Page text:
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Hello, everyone,

While I have a single sentence quoted from Longman dictionary - “She was accused of withholding vital information from the police.”, which interpretation is correct in following two?;

1. She was accused of holding back vital information which was received from the police.
(= She was accused of refusing to give someone vital information which was received from the police.)

2. She was accused of holding back vital information against the police.
(= she tried to keep vital information against the police.)
(= she tried not to deliver vital information to the police.)

I think no.1 will be correct and the function of “from“ in ‘withholding something from someone’ is different from the ”from“ of following patterns – ‘stop, keep, prohibit ~ from ~ing’.

Would hope to hear from you,

Best RGDS,

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She had some important information.

The police asked her for it.

She refused to give it to them.

The police got a subpoena or search warrant to get it..

She still refused to comply.

She was accused of that offense.

+1

Neither of your interpretations is correct.

deepcosmosthe function of “from“ in ‘withholding something from someone’ is different from the ”from“ of following patterns – ‘stop, keep, prohibit ~ from ~ing’.

No. It's the same basic idea. Withholding something from someone is stopping them (preventing them) from having that thing. Or you could say it's not giving something to someone, especially when you should.

The police needed that information, but she did not tell them. She kept that information from them. She withheld that information from them.


Sometimes the government withholds information from the public.
(The government does not give this information to the public.)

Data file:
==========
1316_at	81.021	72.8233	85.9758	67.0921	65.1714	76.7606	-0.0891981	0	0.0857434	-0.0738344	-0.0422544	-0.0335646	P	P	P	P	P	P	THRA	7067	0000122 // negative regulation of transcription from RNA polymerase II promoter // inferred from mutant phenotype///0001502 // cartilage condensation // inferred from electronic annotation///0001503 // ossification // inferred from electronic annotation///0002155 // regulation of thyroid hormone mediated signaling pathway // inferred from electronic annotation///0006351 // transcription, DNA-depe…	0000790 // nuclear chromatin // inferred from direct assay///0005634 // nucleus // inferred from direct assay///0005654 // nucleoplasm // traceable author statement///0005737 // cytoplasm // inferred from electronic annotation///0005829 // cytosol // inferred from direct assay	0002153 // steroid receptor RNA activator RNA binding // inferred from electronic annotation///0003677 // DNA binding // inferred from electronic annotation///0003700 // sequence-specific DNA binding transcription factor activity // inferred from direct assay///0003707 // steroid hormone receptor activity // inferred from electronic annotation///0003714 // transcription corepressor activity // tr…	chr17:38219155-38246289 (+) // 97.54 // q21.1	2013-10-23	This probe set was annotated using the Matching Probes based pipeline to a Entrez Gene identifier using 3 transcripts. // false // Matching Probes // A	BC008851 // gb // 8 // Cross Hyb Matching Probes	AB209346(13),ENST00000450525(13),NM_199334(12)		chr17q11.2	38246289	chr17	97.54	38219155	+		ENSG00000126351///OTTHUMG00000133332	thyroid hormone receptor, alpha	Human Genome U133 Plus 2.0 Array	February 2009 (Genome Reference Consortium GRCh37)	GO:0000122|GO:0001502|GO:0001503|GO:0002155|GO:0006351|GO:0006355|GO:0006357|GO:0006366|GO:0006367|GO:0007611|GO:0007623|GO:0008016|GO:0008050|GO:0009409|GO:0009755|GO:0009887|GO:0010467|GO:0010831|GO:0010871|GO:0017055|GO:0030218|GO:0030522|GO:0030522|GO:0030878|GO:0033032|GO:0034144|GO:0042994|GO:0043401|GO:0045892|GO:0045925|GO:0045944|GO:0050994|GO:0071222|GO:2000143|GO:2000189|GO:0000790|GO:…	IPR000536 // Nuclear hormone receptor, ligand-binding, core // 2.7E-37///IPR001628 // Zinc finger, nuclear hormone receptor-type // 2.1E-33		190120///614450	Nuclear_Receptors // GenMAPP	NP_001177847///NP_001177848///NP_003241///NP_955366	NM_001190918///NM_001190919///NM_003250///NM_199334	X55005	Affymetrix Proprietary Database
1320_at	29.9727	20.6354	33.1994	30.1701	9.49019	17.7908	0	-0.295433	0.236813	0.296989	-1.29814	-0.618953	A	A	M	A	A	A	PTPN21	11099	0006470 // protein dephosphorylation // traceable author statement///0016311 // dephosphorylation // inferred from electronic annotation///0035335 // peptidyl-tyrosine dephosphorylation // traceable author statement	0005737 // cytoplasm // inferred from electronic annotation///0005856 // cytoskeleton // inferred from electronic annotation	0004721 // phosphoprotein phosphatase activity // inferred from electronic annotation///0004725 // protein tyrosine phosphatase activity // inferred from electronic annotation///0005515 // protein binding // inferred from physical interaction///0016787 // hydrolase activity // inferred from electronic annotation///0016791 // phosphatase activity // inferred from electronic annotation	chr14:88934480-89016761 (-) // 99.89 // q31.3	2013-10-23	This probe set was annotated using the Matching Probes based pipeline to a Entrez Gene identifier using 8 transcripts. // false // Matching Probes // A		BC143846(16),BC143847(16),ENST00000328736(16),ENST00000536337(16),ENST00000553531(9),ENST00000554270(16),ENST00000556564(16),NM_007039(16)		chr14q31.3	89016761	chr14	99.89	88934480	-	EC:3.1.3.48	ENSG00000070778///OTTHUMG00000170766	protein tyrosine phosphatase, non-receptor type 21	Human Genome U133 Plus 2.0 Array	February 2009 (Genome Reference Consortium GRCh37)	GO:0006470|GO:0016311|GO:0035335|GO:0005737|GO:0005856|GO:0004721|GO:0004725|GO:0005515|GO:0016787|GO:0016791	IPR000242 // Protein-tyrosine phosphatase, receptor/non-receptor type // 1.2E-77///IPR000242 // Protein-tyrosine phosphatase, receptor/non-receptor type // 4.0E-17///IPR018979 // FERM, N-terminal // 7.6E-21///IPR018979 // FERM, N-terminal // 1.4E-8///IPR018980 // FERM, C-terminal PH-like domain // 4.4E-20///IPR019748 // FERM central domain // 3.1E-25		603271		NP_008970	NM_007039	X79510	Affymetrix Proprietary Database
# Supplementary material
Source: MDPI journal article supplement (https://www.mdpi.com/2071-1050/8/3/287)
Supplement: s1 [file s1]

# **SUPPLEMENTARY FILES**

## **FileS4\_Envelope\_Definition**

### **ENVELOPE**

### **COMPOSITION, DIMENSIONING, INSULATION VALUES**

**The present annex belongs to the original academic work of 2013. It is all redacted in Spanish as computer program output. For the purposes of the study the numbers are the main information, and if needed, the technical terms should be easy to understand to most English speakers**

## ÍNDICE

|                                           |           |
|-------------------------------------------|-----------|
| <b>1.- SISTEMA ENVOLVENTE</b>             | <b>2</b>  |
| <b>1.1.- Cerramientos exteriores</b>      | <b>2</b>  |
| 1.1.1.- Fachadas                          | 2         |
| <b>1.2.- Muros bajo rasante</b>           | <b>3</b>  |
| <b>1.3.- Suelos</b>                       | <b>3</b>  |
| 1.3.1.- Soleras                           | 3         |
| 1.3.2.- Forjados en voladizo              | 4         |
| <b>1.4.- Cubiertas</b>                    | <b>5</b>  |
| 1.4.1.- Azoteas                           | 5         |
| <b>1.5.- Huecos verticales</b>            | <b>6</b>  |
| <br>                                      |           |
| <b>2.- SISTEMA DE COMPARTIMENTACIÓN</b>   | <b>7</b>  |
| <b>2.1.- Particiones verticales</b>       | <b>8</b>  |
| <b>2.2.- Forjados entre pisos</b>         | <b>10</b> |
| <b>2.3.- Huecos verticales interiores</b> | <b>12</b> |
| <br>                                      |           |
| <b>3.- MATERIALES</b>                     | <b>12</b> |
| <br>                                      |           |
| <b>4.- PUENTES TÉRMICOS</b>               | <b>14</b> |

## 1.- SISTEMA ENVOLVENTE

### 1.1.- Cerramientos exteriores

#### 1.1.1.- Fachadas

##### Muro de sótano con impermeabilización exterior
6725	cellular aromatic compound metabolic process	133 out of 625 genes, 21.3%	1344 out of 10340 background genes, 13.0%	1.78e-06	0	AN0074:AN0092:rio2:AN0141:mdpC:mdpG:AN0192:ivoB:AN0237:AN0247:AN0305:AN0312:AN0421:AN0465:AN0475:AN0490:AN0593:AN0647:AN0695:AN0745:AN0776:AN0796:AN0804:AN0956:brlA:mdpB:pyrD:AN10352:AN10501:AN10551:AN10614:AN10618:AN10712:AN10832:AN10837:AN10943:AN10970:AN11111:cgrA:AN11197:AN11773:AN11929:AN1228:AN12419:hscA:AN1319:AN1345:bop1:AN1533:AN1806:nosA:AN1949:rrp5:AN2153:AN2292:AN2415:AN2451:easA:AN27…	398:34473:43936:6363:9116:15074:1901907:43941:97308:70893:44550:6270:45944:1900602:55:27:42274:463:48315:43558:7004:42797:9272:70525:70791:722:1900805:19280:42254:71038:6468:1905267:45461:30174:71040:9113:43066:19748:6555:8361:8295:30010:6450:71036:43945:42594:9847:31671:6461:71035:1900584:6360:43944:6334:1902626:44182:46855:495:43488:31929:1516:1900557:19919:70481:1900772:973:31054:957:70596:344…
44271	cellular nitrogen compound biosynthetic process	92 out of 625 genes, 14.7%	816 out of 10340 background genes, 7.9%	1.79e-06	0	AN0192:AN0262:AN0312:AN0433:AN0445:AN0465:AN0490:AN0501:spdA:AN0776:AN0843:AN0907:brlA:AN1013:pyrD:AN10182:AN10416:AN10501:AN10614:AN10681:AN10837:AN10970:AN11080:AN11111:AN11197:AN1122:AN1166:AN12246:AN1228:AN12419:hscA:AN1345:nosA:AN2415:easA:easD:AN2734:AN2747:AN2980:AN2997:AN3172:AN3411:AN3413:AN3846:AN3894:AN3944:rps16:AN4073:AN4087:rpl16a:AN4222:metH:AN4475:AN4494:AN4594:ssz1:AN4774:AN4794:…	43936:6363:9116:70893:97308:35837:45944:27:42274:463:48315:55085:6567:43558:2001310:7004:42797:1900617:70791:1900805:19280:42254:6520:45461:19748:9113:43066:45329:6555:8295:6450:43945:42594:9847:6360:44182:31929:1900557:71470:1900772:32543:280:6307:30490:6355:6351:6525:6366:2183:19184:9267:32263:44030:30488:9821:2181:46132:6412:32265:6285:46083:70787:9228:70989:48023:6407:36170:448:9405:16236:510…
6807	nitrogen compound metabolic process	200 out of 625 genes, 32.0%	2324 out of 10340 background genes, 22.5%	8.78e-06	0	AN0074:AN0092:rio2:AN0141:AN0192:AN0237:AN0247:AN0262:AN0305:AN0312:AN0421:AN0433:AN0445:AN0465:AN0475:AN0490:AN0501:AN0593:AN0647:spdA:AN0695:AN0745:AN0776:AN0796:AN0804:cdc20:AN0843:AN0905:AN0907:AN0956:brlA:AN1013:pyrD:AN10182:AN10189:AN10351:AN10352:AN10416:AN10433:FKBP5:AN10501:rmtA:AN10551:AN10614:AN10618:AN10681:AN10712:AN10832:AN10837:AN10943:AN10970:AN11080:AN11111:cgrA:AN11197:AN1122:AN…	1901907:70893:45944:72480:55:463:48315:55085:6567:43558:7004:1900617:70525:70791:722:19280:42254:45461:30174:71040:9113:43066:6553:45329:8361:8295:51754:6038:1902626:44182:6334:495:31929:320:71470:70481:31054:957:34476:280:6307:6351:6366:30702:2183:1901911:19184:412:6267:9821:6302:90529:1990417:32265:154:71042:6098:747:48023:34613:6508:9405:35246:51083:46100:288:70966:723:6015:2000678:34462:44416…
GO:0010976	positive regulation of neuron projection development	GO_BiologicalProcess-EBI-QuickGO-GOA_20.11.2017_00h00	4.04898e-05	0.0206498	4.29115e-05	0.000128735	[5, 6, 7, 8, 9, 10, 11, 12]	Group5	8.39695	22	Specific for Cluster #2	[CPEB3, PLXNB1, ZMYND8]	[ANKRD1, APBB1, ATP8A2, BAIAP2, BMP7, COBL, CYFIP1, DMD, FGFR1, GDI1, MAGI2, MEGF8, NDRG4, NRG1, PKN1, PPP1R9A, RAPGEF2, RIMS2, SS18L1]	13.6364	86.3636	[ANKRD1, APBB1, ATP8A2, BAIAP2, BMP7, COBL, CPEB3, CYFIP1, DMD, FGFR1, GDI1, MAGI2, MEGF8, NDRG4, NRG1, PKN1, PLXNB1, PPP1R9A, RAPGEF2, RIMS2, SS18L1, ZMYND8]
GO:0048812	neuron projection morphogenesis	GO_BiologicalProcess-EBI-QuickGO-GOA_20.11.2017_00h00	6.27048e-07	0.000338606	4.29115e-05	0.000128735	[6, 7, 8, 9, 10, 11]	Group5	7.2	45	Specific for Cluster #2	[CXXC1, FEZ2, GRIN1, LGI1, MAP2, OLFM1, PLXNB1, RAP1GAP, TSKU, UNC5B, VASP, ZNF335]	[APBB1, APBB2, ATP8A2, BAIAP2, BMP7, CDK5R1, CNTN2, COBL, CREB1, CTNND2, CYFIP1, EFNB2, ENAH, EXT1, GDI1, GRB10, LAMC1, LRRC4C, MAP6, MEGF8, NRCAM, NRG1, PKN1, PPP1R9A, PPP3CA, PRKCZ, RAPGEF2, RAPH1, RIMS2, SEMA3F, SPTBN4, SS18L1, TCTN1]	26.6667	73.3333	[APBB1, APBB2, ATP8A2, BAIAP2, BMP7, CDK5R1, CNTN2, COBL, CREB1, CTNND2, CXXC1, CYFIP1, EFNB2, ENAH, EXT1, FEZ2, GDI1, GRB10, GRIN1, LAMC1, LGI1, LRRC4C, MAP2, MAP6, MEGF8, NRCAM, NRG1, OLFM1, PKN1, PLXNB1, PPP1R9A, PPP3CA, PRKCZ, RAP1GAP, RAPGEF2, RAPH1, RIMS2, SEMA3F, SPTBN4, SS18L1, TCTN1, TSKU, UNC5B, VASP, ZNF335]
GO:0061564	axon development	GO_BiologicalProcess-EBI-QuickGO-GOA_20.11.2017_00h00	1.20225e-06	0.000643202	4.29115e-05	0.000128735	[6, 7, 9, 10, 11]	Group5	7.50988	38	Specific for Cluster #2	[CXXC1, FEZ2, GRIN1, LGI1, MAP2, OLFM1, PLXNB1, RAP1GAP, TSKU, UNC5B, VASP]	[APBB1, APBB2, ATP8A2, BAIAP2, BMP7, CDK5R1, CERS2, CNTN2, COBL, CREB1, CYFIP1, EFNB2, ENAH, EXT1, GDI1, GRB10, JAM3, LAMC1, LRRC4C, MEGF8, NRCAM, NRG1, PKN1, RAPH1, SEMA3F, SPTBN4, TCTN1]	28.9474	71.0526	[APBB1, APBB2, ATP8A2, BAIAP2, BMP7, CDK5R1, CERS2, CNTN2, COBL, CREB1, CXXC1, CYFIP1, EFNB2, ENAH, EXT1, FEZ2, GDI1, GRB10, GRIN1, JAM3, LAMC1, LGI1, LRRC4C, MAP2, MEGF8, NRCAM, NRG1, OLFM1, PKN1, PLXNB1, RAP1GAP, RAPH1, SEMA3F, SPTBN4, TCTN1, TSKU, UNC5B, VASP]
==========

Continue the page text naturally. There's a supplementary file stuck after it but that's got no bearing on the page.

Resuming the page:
According to the law, employers must withhold money for taxes from your paycheck.
(They do not give you the money. The money goes to the goverment.)

The people threatened to withhold their support from any candidate who disagreed with the mayor.
(They were not going to give their support to such candidates.)

CJ

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Comments  
AlpheccaStars

She refused to give it to them.


She was accused of that offense.

Hello, AlpheccaStars,

Appreciate your explanation. However, I still can't understand the usage of 'from'. Can I in ease replace the 'from' into 'to, against, off' in 'withholding vital information from the police' (not giving it to the police)?

If not, would you kindly explain the usage of 'from' with easy words?

Best RGDS,

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CalifJim

Neither of your interpretations is correct.

deepcosmosthe function of “from“ in ‘withholding something from someone’ is different from the ”from“ of following patterns – ‘stop, keep, prohibit ~ from ~ing’.

No. It's the same basic idea. Withholding something from someone is stopping them (preventing them) from having that thing. Or you could say it's not giving something to someone, especially when you should.

The police needed that information, but she did not tell them. She kept that information from them. She withheld that information from them.


Sometimes the government withholds information from the public.
(The government does not give this information to the public.)
According to the law, employers must withhold money for taxes from your paycheck.
(They do not give you the money. The money goes to the goverment.)
The people threatened to withhold their support from any candidate who disagreed with the mayor.
(They were not going to give their support to such candidates.)

CJ

Hello, CJ,

Really appreciate your explanation with fully noted.

Best RGDS,